Previously, the biennials have served as surveys of contemporary art in Maine, a snapshot, if you will, of the evolving art scene at a given time.

The "2013 Portland Museum of Art Biennial: Piece Work" is not that.

This biennial is built around a theme of labor, repetition and production. This isn't factory work that we're trying to appreciate here, but it comes from same ethic of getting up in the morning, going to work and coming away with something tangible to show for your day's efforts.

These are not shoes that we are stitching, or paper that we are making, but the 70-plus pieces of work produced by 30 artists very much fit into Maine's centuries-old tradition of handiwork, skill and pride.

These are beautifully articulated paintings, drawings, photographs, sculptures and videos, conceived, tested and perfected by artists who represent not just the best of Maine's contemporary art scene, but the very core of Maine's cultural tradition that involves working with one's hands, using inherent and learned skills to create objects of awe and wonder.

"I think what this exhibition speaks to is the idea of doing work again and again, and the idea of doing something with your hands," said Jessica May, the museum's curator of contemporary and modern art. "There is something about the tradition of handiwork that kept presenting itself."

The 2013 biennial is different in another way. For the first time since it began in 1998, the artists and art work in the biennial were not chosen by jury. May made the selections herself -- based first on images submitted by the artists, and later, she narrowed her choices based on studio visits with nearly every artist selected.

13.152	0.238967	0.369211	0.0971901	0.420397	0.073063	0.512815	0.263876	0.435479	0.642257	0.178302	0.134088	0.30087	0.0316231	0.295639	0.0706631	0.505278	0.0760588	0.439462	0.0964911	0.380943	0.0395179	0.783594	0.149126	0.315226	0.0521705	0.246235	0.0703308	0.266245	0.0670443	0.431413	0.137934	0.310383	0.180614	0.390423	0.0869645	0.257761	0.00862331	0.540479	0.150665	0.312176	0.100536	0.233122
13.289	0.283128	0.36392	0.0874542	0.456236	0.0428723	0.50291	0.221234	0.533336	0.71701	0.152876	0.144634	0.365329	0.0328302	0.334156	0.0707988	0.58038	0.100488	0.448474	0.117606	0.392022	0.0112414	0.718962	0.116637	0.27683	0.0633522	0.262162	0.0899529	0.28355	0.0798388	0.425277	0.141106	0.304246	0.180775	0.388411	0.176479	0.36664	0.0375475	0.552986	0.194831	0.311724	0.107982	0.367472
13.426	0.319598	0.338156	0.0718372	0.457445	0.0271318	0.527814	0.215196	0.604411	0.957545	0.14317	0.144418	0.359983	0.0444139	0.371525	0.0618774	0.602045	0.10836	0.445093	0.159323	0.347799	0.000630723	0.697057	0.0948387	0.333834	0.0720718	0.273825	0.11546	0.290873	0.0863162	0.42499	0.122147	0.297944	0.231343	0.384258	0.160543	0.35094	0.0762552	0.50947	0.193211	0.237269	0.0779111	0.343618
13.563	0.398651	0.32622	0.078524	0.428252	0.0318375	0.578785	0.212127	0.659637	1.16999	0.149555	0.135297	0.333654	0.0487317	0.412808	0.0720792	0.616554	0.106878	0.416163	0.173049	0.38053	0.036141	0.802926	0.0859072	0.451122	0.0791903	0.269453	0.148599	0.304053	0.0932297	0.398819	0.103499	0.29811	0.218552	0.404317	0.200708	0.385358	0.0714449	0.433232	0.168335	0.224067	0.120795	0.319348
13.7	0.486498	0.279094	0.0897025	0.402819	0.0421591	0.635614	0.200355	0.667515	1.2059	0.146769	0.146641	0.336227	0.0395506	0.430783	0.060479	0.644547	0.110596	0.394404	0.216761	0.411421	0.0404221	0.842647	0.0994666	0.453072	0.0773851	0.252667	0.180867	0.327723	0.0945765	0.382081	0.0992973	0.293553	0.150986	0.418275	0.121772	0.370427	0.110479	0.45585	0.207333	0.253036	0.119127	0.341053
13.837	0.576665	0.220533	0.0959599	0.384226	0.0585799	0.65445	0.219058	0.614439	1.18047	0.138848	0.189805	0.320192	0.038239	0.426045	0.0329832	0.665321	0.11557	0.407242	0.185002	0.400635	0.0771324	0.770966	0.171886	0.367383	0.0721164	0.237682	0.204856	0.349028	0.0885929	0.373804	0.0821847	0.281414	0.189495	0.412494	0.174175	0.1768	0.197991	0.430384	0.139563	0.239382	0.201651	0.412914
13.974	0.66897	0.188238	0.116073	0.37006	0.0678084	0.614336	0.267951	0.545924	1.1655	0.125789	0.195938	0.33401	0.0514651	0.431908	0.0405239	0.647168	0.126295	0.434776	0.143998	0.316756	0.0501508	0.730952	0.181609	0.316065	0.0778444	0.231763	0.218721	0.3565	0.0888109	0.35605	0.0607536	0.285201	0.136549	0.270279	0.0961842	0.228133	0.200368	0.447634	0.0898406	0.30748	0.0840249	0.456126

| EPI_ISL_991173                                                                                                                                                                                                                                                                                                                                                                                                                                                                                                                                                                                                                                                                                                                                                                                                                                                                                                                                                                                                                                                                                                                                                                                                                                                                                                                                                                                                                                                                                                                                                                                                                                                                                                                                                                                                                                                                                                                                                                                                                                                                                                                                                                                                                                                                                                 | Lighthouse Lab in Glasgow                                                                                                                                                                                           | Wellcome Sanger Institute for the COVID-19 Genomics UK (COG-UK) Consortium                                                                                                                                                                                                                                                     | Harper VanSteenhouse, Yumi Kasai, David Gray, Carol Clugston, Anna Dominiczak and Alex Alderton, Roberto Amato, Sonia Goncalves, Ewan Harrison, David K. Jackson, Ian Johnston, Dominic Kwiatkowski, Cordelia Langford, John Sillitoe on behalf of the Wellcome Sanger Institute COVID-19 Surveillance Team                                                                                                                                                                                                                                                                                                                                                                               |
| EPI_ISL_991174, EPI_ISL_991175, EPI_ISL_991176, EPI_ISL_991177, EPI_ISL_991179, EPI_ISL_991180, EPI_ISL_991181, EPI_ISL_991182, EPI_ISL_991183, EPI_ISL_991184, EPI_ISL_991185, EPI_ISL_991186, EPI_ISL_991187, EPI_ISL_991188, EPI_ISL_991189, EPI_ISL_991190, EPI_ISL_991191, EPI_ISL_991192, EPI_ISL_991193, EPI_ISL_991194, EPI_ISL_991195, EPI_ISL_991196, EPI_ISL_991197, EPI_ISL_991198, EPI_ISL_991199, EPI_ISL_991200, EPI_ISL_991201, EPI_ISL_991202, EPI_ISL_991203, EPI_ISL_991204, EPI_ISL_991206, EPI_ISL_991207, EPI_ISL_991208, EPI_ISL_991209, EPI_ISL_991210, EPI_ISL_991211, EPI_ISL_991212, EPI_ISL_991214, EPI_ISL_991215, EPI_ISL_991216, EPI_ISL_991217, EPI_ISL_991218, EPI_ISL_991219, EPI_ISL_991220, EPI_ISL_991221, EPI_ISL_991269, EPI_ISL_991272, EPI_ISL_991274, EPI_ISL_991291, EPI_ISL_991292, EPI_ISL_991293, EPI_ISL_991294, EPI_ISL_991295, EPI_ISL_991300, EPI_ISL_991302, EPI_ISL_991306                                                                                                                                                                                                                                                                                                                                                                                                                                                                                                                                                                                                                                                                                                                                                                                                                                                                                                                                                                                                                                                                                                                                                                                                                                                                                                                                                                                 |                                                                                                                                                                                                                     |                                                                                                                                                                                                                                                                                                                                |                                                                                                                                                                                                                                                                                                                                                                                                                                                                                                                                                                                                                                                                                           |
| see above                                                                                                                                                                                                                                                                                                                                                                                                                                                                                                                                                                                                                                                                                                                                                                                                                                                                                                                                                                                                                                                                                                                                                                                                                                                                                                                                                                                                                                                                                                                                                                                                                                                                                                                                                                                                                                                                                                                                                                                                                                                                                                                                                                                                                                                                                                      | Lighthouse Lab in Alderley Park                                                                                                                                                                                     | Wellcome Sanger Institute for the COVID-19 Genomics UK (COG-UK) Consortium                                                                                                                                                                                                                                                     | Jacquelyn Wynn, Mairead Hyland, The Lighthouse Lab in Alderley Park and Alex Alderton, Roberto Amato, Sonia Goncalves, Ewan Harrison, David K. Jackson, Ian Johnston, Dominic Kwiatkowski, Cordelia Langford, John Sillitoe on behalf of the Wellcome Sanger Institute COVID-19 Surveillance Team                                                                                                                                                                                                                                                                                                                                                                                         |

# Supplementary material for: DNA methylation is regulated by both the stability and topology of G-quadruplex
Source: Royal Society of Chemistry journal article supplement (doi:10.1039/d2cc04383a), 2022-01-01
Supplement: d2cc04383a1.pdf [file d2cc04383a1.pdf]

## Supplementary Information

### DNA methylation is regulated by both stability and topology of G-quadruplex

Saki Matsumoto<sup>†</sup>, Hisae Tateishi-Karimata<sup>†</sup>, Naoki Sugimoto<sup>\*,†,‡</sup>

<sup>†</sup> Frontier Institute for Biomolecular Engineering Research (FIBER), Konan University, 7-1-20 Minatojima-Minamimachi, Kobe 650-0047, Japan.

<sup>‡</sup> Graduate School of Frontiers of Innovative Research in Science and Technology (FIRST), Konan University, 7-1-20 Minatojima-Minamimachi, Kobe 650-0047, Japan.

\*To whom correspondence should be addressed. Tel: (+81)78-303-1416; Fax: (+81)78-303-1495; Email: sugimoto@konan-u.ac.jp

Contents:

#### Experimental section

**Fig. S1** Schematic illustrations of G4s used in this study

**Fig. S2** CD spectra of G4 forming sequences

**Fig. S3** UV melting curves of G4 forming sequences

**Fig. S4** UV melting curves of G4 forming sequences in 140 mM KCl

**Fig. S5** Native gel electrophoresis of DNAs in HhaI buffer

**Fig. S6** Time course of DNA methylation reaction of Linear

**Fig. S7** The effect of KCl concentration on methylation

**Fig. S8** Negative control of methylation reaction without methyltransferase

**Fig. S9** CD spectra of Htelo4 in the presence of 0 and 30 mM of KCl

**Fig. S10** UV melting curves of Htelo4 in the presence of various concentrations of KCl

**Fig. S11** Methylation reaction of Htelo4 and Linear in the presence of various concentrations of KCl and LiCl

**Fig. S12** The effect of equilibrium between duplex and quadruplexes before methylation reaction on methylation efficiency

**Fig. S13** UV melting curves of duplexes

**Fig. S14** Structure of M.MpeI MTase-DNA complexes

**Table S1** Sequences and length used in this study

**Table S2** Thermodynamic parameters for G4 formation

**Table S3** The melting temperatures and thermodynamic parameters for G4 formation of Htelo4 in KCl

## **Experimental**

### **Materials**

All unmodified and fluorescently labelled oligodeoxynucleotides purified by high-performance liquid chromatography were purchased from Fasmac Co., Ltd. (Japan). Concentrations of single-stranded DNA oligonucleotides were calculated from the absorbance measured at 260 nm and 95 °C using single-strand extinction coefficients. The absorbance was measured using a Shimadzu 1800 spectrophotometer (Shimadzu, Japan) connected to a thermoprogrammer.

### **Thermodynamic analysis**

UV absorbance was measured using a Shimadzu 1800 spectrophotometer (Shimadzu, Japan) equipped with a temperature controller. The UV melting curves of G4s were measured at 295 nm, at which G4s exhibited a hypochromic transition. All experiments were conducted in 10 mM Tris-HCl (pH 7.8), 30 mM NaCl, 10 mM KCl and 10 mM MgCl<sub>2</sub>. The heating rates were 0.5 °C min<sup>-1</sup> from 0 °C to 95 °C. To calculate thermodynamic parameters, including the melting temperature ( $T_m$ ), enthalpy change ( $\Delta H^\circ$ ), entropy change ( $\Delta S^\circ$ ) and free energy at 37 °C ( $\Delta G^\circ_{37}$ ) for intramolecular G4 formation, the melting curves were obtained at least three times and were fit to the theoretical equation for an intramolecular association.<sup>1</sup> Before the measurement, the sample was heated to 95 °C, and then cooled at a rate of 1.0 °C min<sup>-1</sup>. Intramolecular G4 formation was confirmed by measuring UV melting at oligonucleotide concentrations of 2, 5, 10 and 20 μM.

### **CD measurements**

That process results in a very different kind of biennial. The juried process often results in a net cast wide, one big enough to grab the likes and interests of a three-member jury panel. Those shows were widely varied, with art work that covered a broad range of disciplines, visions and degrees of articulation. In every sense, those shows truly were a snapshot -- perhaps better described as a grab bag.

This biennial represents a single, curated view.

May has been on the job since June 2012, and began thinking about the biennial as early last fall. It presented a perfect opportunity to immerse herself deeply into the Maine art scene, to get to know not just the artists, but the kind of work that artists from Maine like to make.

The first thing she learned is that artists from Maine are not all that different from artists from away. The gap between a Maine artist and an artist from anywhere else "goes away very fast. Artists from Maine are thinking broadly. That sense of what it is to be from Maine is a lot more complicated than I thought it would be," she said.